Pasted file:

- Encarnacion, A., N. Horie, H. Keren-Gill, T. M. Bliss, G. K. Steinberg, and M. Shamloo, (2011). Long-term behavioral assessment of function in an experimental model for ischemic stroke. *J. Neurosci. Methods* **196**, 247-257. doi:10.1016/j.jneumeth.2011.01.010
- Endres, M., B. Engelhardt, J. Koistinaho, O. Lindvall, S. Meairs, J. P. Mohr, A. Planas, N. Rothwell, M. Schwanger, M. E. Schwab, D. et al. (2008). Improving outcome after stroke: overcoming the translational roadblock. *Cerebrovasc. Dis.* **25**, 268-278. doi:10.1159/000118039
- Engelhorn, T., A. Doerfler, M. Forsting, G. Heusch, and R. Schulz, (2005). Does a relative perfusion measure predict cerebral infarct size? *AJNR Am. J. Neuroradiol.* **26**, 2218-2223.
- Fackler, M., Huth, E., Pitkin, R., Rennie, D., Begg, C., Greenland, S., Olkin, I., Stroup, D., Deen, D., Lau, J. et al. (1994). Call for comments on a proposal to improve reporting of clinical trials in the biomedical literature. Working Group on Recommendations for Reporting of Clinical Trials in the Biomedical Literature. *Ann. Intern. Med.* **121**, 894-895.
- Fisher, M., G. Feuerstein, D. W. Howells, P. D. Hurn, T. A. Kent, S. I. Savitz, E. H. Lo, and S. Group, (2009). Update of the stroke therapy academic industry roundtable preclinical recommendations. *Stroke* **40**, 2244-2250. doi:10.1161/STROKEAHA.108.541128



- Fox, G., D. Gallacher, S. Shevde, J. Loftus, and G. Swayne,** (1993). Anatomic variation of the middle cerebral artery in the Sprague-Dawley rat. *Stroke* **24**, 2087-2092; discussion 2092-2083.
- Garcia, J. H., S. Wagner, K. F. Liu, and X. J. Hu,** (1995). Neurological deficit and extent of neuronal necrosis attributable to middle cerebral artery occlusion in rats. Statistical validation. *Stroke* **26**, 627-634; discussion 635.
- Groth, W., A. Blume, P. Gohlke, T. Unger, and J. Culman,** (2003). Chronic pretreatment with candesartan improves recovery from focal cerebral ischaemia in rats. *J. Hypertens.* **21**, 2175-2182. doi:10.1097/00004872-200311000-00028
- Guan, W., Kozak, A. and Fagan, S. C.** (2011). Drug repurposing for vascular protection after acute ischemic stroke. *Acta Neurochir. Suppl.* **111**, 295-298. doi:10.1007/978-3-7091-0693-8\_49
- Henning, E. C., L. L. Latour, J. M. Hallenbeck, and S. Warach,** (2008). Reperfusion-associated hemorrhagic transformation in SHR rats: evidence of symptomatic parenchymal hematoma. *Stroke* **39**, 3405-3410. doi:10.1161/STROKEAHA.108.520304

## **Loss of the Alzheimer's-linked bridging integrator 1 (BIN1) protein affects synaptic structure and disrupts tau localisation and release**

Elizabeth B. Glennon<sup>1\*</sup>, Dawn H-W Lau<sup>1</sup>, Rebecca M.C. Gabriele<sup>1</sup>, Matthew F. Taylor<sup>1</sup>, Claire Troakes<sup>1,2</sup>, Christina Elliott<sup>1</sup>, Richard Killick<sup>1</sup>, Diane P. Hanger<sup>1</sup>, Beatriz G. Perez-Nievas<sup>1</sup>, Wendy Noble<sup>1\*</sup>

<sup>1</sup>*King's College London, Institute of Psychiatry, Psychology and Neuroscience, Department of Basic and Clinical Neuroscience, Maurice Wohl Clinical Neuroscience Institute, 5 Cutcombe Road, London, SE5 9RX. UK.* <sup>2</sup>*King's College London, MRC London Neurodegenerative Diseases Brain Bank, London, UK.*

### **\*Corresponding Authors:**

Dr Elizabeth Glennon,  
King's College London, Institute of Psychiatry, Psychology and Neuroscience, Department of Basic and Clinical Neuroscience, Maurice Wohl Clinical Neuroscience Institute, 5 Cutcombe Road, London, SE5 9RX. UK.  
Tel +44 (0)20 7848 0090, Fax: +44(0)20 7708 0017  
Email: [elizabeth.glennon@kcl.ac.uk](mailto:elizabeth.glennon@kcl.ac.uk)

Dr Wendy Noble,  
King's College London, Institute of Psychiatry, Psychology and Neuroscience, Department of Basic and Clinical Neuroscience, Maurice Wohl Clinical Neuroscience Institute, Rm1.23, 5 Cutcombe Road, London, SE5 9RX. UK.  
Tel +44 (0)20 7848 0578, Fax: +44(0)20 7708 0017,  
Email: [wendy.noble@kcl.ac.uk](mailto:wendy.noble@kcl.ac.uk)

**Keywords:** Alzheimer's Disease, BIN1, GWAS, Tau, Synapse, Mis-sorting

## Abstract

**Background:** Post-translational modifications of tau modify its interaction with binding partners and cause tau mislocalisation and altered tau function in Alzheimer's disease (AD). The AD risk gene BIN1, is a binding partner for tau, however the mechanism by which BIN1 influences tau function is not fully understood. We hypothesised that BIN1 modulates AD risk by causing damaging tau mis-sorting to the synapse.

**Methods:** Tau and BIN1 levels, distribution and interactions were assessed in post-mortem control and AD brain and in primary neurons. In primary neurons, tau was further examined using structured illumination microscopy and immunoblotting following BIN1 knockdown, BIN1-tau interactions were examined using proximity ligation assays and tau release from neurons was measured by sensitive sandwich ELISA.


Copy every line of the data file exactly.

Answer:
- Encarnacion, A., N. Horie, H. Keren-Gill, T. M. Bliss, G. K. Steinberg, and M. Shamloo, (2011). Long-term behavioral assessment of function in an experimental model for ischemic stroke. *J. Neurosci. Methods* **196**, 247-257. doi:10.1016/j.jneumeth.2011.01.010
- Endres, M., B. Engelhardt, J. Koistinaho, O. Lindvall, S. Meairs, J. P. Mohr, A. Planas, N. Rothwell, M. Schwanger, M. E. Schwab, D. et al. (2008). Improving outcome after stroke: overcoming the translational roadblock. *Cerebrovasc. Dis.* **25**, 268-278. doi:10.1159/000118039
- Engelhorn, T., A. Doerfler, M. Forsting, G. Heusch, and R. Schulz, (2005). Does a relative perfusion measure predict cerebral infarct size? *AJNR Am. J. Neuroradiol.* **26**, 2218-2223.
- Fackler, M., Huth, E., Pitkin, R., Rennie, D., Begg, C., Greenland, S., Olkin, I., Stroup, D., Deen, D., Lau, J. et al. (1994). Call for comments on a proposal to improve reporting of clinical trials in the biomedical literature. Working Group on Recommendations for Reporting of Clinical Trials in the Biomedical Literature. *Ann. Intern. Med.* **121**, 894-895.
- Fisher, M., G. Feuerstein, D. W. Howells, P. D. Hurn, T. A. Kent, S. I. Savitz, E. H. Lo, and S. Group, (2009). Update of the stroke therapy academic industry roundtable preclinical recommendations. *Stroke* **40**, 2244-2250. doi:10.1161/STROKEAHA.108.541128



- Fox, G., D. Gallacher, S. Shevde, J. Loftus, and G. Swayne,** (1993). Anatomic variation of the middle cerebral artery in the Sprague-Dawley rat. *Stroke* **24**, 2087-2092; discussion 2092-2083.
- Garcia, J. H., S. Wagner, K. F. Liu, and X. J. Hu,** (1995). Neurological deficit and extent of neuronal necrosis attributable to middle cerebral artery occlusion in rats. Statistical validation. *Stroke* **26**, 627-634; discussion 635.
- Groth, W., A. Blume, P. Gohlke, T. Unger, and J. Culman,** (2003). Chronic pretreatment with candesartan improves recovery from focal cerebral ischaemia in rats. *J. Hypertens.* **21**, 2175-2182. doi:10.1097/00004872-200311000-00028
- Guan, W., Kozak, A. and Fagan, S. C.** (2011). Drug repurposing for vascular protection after acute ischemic stroke. *Acta Neurochir. Suppl.* **111**, 295-298. doi:10.1007/978-3-7091-0693-8\_49
- Henning, E. C., L. L. Latour, J. M. Hallenbeck, and S. Warach,** (2008). Reperfusion-associated hemorrhagic transformation in SHR rats: evidence of symptomatic parenchymal hematoma. *Stroke* **39**, 3405-3410. doi:10.1161/STROKEAHA.108.520304

## **Loss of the Alzheimer's-linked bridging integrator 1 (BIN1) protein affects synaptic structure and disrupts tau localisation and release**

Elizabeth B. Glennon<sup>1\*</sup>, Dawn H-W Lau<sup>1</sup>, Rebecca M.C. Gabriele<sup>1</sup>, Matthew F. Taylor<sup>1</sup>, Claire Troakes<sup>1,2</sup>, Christina Elliott<sup>1</sup>, Richard Killick<sup>1</sup>, Diane P. Hanger<sup>1</sup>, Beatriz G. Perez-Nievas<sup>1</sup>, Wendy Noble<sup>1\*</sup>

<sup>1</sup>*King's College London, Institute of Psychiatry, Psychology and Neuroscience, Department of Basic and Clinical Neuroscience, Maurice Wohl Clinical Neuroscience Institute, 5 Cutcombe Road, London, SE5 9RX. UK.* <sup>2</sup>*King's College London, MRC London Neurodegenerative Diseases Brain Bank, London, UK.*

### **\*Corresponding Authors:**

Dr Elizabeth Glennon,  
King's College London, Institute of Psychiatry, Psychology and Neuroscience, Department of Basic and Clinical Neuroscience, Maurice Wohl Clinical Neuroscience Institute, 5 Cutcombe Road, London, SE5 9RX. UK.  
Tel +44 (0)20 7848 0090, Fax: +44(0)20 7708 0017  
Email: [elizabeth.glennon@kcl.ac.uk](mailto:elizabeth.glennon@kcl.ac.uk)

Dr Wendy Noble,  
King's College London, Institute of Psychiatry, Psychology and Neuroscience, Department of Basic and Clinical Neuroscience, Maurice Wohl Clinical Neuroscience Institute, Rm1.23, 5 Cutcombe Road, London, SE5 9RX. UK.  
Tel +44 (0)20 7848 0578, Fax: +44(0)20 7708 0017,  
Email: [wendy.noble@kcl.ac.uk](mailto:wendy.noble@kcl.ac.uk)

**Keywords:** Alzheimer's Disease, BIN1, GWAS, Tau, Synapse, Mis-sorting

## Abstract

**Background:** Post-translational modifications of tau modify its interaction with binding partners and cause tau mislocalisation and altered tau function in Alzheimer's disease (AD). The AD risk gene BIN1, is a binding partner for tau, however the mechanism by which BIN1 influences tau function is not fully understood. We hypothesised that BIN1 modulates AD risk by causing damaging tau mis-sorting to the synapse.

**Methods:** Tau and BIN1 levels, distribution and interactions were assessed in post-mortem control and AD brain and in primary neurons. In primary neurons, tau was further examined using structured illumination microscopy and immunoblotting following BIN1 knockdown, BIN1-tau interactions were examined using proximity ligation assays and tau release from neurons was measured by sensitive sandwich ELISA.